In today’s fast-paced world, technology is constantly evolving to meet our needs. With the introduction of USB-C, we have seen a significant shift in the way we connect and transfer data. USB-C, also known as USB Type-C, is quickly becoming the standard for connecting and charging devices, offering a range of benefits, including fast data transfer rates, high power delivery, and the ability to connect devices in a seamless and effortless way. Its symmetrical design and small size have made it a favorite among consumers and manufacturers alike. However, one of the most notable features of USB-C is often overlooked: its directionality.
In this blog, we’ll explore why the orientation of USB-C connections matters, how it can affect your devices, and how to overcome this challenge.
One of the most significant advantages of USB-C is the ability to transfer data and power at lightning-fast speeds. USB 3.2 gen 2 is capable of data transfer speeds of up to 10 Gbps, which is twice as fast as USB 3.2 Gen 1. This means that you can transfer large files in just a matter of seconds.
In addition to data transfer speeds, USB-C also has the ability to deliver a wide range of power, such as 60W, 100W and even more. This means that you can charge your laptop, tablet, or phone faster than ever before.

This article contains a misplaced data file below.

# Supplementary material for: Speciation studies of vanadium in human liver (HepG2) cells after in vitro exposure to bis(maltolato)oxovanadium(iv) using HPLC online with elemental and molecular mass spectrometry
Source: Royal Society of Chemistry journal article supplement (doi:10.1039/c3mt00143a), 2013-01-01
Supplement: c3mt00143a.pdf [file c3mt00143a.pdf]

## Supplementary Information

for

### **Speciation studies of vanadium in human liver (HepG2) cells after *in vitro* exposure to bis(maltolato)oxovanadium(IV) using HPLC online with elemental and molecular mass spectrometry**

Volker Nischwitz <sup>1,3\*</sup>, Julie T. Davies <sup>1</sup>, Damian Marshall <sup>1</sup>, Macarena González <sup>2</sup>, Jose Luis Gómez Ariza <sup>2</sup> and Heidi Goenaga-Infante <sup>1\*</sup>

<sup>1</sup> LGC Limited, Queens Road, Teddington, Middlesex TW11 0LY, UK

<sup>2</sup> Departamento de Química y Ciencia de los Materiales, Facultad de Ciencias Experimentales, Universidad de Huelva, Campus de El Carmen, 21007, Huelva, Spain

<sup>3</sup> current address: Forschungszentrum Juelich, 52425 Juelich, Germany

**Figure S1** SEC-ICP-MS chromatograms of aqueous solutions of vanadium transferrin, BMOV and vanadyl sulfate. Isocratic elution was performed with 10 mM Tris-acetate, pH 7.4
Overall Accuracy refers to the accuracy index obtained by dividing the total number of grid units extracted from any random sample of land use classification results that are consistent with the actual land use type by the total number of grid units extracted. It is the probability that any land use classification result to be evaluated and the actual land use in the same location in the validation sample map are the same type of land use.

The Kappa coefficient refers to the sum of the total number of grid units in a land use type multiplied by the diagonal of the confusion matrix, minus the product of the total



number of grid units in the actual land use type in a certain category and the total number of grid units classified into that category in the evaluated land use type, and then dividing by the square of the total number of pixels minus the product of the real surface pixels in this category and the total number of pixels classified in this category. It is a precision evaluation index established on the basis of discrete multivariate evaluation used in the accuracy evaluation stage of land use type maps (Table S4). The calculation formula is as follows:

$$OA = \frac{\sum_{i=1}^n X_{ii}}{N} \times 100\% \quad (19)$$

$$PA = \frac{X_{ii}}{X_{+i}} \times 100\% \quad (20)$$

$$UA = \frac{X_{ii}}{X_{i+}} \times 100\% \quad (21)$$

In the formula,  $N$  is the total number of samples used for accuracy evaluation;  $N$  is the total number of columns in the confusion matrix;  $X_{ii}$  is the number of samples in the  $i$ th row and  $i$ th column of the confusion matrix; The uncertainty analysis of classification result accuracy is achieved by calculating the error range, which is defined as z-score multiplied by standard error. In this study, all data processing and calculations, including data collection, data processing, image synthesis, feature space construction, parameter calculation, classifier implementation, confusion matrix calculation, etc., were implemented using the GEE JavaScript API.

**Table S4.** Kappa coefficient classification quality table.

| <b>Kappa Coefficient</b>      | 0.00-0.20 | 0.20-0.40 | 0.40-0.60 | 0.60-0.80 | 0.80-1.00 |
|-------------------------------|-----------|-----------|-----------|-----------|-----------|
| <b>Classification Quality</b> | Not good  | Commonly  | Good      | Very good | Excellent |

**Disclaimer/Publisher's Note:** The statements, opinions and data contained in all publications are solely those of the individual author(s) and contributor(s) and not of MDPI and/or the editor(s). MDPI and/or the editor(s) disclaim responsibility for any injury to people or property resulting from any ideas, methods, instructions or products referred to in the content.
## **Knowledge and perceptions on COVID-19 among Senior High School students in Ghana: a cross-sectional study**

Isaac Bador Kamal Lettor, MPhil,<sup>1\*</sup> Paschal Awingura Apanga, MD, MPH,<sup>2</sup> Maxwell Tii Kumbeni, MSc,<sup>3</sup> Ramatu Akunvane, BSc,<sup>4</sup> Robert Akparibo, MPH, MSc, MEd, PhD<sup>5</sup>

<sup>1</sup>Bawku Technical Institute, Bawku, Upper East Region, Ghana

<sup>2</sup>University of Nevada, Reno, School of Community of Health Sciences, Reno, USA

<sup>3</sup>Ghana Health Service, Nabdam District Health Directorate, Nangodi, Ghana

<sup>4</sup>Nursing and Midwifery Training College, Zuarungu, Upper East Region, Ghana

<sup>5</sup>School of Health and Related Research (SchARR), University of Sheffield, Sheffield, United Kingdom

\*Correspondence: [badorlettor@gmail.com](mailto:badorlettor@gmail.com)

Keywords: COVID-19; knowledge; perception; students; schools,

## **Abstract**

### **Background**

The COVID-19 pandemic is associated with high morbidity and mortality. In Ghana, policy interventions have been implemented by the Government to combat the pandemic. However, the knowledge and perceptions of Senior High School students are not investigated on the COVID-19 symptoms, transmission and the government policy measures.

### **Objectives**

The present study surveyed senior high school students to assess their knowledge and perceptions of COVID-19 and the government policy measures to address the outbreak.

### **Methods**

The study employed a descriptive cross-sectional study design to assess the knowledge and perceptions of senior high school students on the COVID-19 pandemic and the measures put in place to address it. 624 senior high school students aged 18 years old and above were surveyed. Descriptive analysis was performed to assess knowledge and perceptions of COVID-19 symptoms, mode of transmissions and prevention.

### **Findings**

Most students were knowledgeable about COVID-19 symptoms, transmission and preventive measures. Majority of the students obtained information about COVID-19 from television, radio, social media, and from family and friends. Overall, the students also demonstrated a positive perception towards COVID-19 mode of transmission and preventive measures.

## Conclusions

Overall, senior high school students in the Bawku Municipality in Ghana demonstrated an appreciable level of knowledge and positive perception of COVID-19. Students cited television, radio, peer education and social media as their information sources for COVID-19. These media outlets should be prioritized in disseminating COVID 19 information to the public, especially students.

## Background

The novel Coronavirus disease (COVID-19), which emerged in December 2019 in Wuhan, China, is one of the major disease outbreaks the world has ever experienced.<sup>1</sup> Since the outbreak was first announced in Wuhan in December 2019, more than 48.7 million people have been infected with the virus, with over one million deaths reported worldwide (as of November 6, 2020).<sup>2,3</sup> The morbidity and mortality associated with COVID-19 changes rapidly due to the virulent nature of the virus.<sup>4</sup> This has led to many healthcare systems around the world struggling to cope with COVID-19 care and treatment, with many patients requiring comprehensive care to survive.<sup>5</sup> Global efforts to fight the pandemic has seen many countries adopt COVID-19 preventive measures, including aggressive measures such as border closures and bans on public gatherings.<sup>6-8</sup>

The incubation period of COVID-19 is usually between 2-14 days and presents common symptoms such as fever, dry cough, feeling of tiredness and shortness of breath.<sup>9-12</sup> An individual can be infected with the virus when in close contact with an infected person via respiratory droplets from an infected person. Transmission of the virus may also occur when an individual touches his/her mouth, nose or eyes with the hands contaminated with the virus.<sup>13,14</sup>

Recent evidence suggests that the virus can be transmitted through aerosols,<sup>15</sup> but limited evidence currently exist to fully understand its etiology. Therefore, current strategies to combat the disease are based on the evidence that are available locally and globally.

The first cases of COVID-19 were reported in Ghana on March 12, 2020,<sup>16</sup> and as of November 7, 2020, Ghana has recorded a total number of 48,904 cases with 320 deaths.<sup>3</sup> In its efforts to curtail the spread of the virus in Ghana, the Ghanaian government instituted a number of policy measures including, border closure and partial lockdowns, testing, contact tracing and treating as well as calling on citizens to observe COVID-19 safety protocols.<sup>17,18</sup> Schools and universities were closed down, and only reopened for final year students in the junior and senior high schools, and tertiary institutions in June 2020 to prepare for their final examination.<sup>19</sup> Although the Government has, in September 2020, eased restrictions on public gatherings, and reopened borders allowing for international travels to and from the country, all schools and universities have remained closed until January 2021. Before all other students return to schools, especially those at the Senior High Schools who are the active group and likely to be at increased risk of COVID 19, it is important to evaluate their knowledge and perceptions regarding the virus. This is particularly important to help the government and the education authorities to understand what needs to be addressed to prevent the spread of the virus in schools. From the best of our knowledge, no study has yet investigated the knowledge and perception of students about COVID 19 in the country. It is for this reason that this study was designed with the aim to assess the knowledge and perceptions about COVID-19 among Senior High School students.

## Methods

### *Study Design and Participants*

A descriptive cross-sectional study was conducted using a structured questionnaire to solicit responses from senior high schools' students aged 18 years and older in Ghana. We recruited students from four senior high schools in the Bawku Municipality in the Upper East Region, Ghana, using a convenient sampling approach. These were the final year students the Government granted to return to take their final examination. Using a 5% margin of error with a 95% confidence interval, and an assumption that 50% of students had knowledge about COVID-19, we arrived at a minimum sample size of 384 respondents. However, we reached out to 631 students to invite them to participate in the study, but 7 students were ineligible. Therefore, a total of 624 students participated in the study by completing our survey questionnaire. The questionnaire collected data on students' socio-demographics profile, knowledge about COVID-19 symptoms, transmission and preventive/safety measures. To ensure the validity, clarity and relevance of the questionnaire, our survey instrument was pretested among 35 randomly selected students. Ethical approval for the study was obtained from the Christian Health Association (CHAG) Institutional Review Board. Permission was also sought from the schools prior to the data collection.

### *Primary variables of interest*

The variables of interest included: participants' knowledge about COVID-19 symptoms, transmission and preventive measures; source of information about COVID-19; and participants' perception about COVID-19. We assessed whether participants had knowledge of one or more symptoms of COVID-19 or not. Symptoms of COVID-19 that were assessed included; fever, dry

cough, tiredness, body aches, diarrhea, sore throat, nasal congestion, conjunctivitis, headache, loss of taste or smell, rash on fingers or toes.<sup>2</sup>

The Symmetrical Connector – Orientation Matters
Unlike USB Type-A and Type-B connectors, which have a distinct top and bottom orientation, USB-C is symmetrical. This means that it can be plugged in upside down or right side up, without any issues. This feature was designed with the consumer in mind, allowing for a more seamless user experience. However, the orientation of the connection can have implications for the devices being connected, in case of connecting two cables to each other (passive adaptor in the middle).
With 24 pins, the USB-C connector divides into two lines: A and B, with identical functionality. This means that the host and the device can communicate with each other and “play” on the same pins. But not all signal types require all 24 pins. For example, 4K 60 uses two of the four lanes (4 pins), but 8K uses all four lanes. The host and device must know from which pins the signal is coming (data lane ‘0’ or data lane ‘1’), and what the power capabilities are.
In other words: for the connection to work properly, the host and device must be able to “play” on the same pins. If the host or device (e.g. a laptop or monitor) cannot identify which “side” was connected, the link will not be closed, and the signal will be lost.
Inside the host and device sides, there are two resistors that help identify the orientation of the connection. When a USB-C cable is connected point to point, this technical information is transparent to the user.
However, problems can arise when extending the connection by connecting two cables through a passive female adapter. There is a 50% chance that the connection orientation on one side of the adapter is the opposite orientation on the other side. This means that the host will get the signals from the pin’s in the opposite line, resulting in a black screen or lost signal.